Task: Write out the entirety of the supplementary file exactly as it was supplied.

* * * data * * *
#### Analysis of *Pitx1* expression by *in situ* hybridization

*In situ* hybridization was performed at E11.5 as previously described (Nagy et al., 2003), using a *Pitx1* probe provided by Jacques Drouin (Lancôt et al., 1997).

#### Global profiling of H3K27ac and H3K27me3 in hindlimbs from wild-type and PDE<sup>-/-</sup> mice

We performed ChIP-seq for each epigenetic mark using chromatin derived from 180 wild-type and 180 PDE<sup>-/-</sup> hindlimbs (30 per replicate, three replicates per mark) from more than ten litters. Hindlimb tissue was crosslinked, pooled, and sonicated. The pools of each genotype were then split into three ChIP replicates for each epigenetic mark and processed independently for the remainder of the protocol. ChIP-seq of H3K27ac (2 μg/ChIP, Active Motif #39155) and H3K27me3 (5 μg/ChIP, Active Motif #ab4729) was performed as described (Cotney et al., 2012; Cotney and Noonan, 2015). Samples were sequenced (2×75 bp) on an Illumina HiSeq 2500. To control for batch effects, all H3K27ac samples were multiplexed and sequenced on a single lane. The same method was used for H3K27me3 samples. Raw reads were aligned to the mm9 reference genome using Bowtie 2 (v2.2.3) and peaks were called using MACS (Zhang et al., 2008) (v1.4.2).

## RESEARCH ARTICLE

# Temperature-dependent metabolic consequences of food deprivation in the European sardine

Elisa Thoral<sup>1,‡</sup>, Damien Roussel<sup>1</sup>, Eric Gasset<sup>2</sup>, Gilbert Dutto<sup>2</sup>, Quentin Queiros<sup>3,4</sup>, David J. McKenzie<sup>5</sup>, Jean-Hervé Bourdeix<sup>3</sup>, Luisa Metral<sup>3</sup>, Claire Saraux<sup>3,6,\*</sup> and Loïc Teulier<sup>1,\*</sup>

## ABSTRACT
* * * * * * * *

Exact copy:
#### Analysis of *Pitx1* expression by *in situ* hybridization

*In situ* hybridization was performed at E11.5 as previously described (Nagy et al., 2003), using a *Pitx1* probe provided by Jacques Drouin (Lancôt et al., 1997).

#### Global profiling of H3K27ac and H3K27me3 in hindlimbs from wild-type and PDE<sup>-/-</sup> mice

We performed ChIP-seq for each epigenetic mark using chromatin derived from 180 wild-type and 180 PDE<sup>-/-</sup> hindlimbs (30 per replicate, three replicates per mark) from more than ten litters. Hindlimb tissue was crosslinked, pooled, and sonicated. The pools of each genotype were then split into three ChIP replicates for each epigenetic mark and processed independently for the remainder of the protocol. ChIP-seq of H3K27ac (2 μg/ChIP, Active Motif #39155) and H3K27me3 (5 μg/ChIP, Active Motif #ab4729) was performed as described (Cotney et al., 2012; Cotney and Noonan, 2015). Samples were sequenced (2×75 bp) on an Illumina HiSeq 2500. To control for batch effects, all H3K27ac samples were multiplexed and sequenced on a single lane. The same method was used for H3K27me3 samples. Raw reads were aligned to the mm9 reference genome using Bowtie 2 (v2.2.3) and peaks were called using MACS (Zhang et al., 2008) (v1.4.2).

## RESEARCH ARTICLE

# Temperature-dependent metabolic consequences of food deprivation in the European sardine

Elisa Thoral<sup>1,‡</sup>, Damien Roussel<sup>1</sup>, Eric Gasset<sup>2</sup>, Gilbert Dutto<sup>2</sup>, Quentin Queiros<sup>3,4</sup>, David J. McKenzie<sup>5</sup>, Jean-Hervé Bourdeix<sup>3</sup>, Luisa Metral<sup>3</sup>, Claire Saraux<sup>3,6,\*</sup> and Loïc Teulier<sup>1,\*</sup>

## ABSTRACT